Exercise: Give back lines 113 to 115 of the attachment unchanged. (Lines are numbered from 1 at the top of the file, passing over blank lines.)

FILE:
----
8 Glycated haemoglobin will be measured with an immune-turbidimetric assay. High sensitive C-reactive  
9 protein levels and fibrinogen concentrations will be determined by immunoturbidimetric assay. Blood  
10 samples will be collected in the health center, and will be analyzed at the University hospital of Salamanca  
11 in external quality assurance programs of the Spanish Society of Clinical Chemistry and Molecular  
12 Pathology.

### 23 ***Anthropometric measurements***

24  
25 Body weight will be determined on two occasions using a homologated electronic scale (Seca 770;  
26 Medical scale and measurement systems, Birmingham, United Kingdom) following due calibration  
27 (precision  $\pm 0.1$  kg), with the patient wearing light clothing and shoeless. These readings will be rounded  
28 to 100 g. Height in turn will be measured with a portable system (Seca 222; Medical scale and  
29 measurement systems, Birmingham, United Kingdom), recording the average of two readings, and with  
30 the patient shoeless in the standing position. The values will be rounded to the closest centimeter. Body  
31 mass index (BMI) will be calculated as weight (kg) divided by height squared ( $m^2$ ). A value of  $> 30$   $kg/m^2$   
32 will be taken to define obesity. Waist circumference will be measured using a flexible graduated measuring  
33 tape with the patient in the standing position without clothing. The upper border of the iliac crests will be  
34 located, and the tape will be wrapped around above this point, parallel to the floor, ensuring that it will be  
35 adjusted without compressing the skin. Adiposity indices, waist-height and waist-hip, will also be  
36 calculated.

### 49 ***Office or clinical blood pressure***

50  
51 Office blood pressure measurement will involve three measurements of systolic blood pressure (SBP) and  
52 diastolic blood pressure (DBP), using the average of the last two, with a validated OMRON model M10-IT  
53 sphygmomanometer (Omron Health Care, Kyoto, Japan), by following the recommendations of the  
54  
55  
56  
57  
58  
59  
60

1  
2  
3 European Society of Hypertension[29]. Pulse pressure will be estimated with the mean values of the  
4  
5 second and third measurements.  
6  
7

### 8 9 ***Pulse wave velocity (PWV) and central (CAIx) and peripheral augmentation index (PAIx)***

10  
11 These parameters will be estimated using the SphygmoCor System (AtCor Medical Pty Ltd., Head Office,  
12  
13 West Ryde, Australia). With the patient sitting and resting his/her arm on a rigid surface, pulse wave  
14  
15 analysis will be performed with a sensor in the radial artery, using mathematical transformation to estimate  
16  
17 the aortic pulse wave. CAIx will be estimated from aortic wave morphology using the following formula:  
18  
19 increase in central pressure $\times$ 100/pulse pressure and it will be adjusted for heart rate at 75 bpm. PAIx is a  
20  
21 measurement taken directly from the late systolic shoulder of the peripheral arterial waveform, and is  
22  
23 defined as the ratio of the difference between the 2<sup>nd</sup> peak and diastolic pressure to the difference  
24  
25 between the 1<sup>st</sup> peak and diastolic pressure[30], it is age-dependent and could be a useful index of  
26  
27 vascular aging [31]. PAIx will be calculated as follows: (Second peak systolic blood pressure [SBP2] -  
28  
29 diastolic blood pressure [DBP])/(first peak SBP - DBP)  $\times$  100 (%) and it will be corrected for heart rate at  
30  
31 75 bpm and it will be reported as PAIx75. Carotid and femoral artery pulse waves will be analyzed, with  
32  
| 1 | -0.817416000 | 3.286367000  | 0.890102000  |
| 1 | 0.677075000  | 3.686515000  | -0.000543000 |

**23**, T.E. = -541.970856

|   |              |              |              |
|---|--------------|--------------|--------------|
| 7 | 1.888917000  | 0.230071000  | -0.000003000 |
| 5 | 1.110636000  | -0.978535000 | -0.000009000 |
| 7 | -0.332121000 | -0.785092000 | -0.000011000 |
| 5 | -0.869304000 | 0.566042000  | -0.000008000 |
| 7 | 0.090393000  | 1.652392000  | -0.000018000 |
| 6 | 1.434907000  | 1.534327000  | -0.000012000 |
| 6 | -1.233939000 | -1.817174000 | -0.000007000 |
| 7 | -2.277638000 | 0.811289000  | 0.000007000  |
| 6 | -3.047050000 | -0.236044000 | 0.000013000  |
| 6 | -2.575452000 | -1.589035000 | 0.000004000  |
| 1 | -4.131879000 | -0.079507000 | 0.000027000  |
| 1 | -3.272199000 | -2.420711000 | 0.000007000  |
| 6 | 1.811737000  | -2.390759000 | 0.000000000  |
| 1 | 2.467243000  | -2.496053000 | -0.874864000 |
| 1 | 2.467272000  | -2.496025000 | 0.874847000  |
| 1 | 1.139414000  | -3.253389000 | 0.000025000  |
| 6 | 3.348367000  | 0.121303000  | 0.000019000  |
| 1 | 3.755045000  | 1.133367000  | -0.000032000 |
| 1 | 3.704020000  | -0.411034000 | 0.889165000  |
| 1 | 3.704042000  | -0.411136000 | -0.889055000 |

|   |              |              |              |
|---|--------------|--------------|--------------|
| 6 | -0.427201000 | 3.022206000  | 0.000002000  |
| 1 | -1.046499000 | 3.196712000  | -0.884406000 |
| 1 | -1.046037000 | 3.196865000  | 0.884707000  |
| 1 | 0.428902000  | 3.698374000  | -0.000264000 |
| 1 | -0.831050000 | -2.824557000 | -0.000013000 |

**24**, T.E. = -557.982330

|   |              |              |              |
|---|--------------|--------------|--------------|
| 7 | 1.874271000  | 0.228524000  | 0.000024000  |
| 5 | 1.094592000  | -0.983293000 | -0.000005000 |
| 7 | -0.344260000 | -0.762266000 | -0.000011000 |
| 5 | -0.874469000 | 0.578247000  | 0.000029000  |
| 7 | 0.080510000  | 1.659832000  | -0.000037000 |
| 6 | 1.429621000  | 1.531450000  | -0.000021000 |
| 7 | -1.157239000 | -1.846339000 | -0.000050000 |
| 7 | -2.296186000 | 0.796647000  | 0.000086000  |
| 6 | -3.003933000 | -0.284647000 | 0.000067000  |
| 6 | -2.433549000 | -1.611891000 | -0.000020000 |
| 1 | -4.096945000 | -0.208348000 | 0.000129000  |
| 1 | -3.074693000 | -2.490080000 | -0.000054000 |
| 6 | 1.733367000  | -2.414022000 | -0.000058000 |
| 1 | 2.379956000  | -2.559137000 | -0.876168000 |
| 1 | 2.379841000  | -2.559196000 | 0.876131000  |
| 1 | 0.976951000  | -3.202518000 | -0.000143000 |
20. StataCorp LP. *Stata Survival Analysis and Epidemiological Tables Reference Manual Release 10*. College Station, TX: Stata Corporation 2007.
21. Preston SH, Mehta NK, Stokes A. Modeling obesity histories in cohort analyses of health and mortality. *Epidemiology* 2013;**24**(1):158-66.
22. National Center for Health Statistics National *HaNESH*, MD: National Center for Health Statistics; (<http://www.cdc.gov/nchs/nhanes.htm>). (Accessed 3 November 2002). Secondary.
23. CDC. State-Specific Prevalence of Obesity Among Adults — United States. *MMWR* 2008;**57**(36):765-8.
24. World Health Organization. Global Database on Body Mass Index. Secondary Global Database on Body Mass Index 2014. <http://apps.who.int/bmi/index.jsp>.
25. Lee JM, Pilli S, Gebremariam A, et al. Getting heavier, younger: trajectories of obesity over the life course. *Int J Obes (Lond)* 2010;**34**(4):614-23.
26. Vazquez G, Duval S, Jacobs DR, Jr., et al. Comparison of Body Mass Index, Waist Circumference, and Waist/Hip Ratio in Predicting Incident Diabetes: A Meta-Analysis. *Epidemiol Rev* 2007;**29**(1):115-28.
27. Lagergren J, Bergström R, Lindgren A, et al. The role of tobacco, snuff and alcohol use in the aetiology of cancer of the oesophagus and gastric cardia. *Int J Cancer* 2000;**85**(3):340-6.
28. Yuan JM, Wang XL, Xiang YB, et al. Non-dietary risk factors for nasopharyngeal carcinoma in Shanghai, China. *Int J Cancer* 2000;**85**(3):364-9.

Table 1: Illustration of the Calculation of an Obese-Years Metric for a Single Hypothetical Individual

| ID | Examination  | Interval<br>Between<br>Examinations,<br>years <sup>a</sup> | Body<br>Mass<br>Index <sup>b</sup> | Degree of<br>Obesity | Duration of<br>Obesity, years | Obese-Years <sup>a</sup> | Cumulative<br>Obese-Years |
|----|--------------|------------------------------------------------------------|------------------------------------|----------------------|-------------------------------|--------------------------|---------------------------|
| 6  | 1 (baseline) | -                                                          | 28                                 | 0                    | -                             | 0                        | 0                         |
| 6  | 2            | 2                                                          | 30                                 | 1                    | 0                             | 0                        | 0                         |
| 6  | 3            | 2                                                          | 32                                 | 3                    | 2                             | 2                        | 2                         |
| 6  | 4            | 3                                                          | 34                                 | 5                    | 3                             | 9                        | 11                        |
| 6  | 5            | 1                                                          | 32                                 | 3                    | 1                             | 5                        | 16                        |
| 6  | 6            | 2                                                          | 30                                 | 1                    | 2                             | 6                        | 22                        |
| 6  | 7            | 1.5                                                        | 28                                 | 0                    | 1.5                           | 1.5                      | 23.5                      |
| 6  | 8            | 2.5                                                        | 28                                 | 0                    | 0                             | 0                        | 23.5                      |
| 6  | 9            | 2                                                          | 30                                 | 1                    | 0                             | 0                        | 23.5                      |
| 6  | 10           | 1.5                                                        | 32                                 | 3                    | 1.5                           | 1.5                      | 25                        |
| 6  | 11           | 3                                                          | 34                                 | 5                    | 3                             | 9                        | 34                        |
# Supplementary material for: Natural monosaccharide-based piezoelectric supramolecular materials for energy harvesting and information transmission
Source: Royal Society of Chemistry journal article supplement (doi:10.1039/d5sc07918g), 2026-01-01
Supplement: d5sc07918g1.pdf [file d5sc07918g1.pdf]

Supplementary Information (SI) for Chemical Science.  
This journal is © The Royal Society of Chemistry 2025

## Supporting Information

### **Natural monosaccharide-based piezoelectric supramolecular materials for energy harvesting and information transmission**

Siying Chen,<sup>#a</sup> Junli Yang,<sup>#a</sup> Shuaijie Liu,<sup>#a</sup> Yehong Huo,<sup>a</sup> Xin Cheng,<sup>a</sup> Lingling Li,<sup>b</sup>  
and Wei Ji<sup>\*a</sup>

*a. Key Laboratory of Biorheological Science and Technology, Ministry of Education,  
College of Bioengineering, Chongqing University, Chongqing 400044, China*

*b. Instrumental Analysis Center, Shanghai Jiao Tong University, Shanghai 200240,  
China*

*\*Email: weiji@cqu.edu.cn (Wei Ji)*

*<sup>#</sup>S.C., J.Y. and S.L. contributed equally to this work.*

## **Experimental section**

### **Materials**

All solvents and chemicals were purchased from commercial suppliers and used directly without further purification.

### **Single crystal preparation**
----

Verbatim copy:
| 1 | 0.976951000  | -3.202518000 | -0.000143000 |
20. StataCorp LP. *Stata Survival Analysis and Epidemiological Tables Reference Manual Release 10*. College Station, TX: Stata Corporation 2007.
21. Preston SH, Mehta NK, Stokes A. Modeling obesity histories in cohort analyses of health and mortality. *Epidemiology* 2013;**24**(1):158-66.